In another development, no local authority in Scotland has increased instrumental music charges for the coming school year, in stark contrast to 2012 when 11, almost a third of councils, hiked the fees.
Dumfries and Galloway, which previously charged £130 for instrumental lessons and also imposed tuition fees for those sitting SQA exams, will scrap all tuition charges from August. Meanwhile, Aberdeenshire, which planned to introduce fees for SQA music students from this summer, has announced a U-turn.
It means just three councils – Aberdeen City, Renfrewshire and Highland – now charge students to sit SQA music exams, a policy Scottish ministers have indicated they would like to see come to an end.
Convention of Scottish Local Authorities’ education spokesman, Councillor Douglas Chapman, said the latest developments – revealed in council budgets for the coming year – demonstrated they were “listening” to concerns over fees.
“We are very much aware of the difficult decisions councils face, however it’s reassuring that, in this financial year, music provision across Scotland is being protected,” he said. “This is in no small measure due to the campaign run by Scotland on Sunday and shows many councils have listened to the issues raised,” he said.
“Part of Cosla’s approach has been to explore how we widen and encourage musical experiences and opportunities for young people the length and breadth of Scotland and it’s not something that falls on the shoulders of schools alone.
“We have a lot of talent in our communities and the question is how we best engage that musical talent to inspire the next generation.”
The chair of Dumfries and Galloway’s education committee, Councillor Gail Macgregor, said: “The decision to remove charges will hopefully encourage uptake as well as enhancing young people’s creativity and confidence.”
Aberdeenshire said it had been keen to cut SQA charging, which it had planned to introduce this August.
Chief executive Colin Mackenzie said: “Two years ago we were faced with hard decisions to make to save money amidst a period of economic austerity the public sector has never before seen,” he said.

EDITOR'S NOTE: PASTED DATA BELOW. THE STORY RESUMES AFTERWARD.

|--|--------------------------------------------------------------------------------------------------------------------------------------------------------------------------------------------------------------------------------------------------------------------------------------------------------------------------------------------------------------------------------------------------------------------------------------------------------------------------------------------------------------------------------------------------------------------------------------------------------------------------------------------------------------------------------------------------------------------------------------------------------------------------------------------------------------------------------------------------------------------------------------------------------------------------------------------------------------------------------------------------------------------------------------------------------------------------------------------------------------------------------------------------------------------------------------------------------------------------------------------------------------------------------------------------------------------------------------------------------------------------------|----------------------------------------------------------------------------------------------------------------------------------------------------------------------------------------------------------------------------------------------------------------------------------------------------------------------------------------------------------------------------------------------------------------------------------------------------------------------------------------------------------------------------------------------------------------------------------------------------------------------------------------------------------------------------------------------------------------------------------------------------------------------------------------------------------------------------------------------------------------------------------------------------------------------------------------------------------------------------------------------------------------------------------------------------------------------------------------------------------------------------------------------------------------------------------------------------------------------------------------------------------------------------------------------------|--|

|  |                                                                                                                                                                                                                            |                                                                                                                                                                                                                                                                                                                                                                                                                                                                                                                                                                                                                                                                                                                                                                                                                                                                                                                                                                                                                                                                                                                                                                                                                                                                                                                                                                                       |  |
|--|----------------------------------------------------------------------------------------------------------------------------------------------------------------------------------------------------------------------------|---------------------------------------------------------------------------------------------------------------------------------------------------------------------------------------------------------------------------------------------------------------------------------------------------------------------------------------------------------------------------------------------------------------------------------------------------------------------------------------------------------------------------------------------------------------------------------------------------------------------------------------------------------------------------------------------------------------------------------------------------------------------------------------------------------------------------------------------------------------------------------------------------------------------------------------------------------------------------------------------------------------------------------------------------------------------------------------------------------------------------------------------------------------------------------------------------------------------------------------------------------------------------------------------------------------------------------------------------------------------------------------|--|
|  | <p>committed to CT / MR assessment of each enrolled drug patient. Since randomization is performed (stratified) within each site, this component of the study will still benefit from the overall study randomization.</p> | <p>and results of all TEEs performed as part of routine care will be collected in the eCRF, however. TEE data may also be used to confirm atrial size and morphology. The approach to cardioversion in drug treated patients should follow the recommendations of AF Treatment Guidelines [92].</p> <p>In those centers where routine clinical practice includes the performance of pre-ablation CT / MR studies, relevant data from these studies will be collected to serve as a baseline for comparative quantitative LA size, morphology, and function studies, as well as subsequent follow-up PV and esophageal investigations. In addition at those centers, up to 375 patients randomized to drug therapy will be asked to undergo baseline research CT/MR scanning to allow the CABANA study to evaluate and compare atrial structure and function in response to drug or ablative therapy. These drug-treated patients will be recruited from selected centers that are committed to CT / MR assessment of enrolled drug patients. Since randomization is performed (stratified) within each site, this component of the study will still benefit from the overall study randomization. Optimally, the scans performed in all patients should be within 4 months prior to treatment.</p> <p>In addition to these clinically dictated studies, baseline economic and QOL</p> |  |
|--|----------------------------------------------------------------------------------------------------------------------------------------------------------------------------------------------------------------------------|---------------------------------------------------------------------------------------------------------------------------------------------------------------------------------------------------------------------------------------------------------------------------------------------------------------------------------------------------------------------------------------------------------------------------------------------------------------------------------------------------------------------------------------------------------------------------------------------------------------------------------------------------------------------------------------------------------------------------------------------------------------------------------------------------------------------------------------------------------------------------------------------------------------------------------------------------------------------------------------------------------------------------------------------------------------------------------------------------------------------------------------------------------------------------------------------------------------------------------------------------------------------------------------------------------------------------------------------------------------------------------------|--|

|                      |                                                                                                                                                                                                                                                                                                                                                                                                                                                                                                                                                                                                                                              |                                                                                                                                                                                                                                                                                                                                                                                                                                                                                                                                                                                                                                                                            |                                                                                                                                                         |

“It is our intrinsic flexibility that has allowed us to make recommendations to councillors to reverse some of the savings which in the passage of time are no longer practical, sustainable nor viable for reasons such as policy, legislation or changing circumstances.”
Scotland on Sunday’s Let The Children Play campaign was launched last September to press for the abolition of charges to learn a musical instrument in schools.
In December, the Scottish Government announced it was setting up a working group tasked with “getting a grip” on the issues raised by the campaign, after Scotland on Sunday highlighted that children were being charged between £95 and £340 to learn to play a musical instrument in schools. Ministers also created a £1 million fund to schools to buy more instruments for use by pupils.
The campaign received backing from prominent musicians, including percussionist Dame Evelyn Glennie, folk singers Julie Fowlis and Karine Polwart, the band Frightened Rabbit and violinist Nicola Benedetti, who stated: “Learning an instrument is just as important as learning the fundamentals of maths and English,” and asked: “How can it possibly be separated by something as superficial as whether you can pay for your lesson or not?”
The working group includes representatives from Cosla, the Educational Institute of Scotland and the Royal Conservatoire of Scotland.
Minister for learning Alasdair Allan said: “No child should be put off taking up music because of cost, which is why the Scottish Government is providing Scottish schools with an extra £1 million to buy instruments.
“The government has also set up an Instrumental Music Group to look at how we deliver instrumental music tuition, including the question of charges for pupils receiving instrumental music tuition and sitting SQA music exams.
“The group has met three times already and has gathered evidence on variations in charging policy by local authorities. I look forward to their findings later this year.”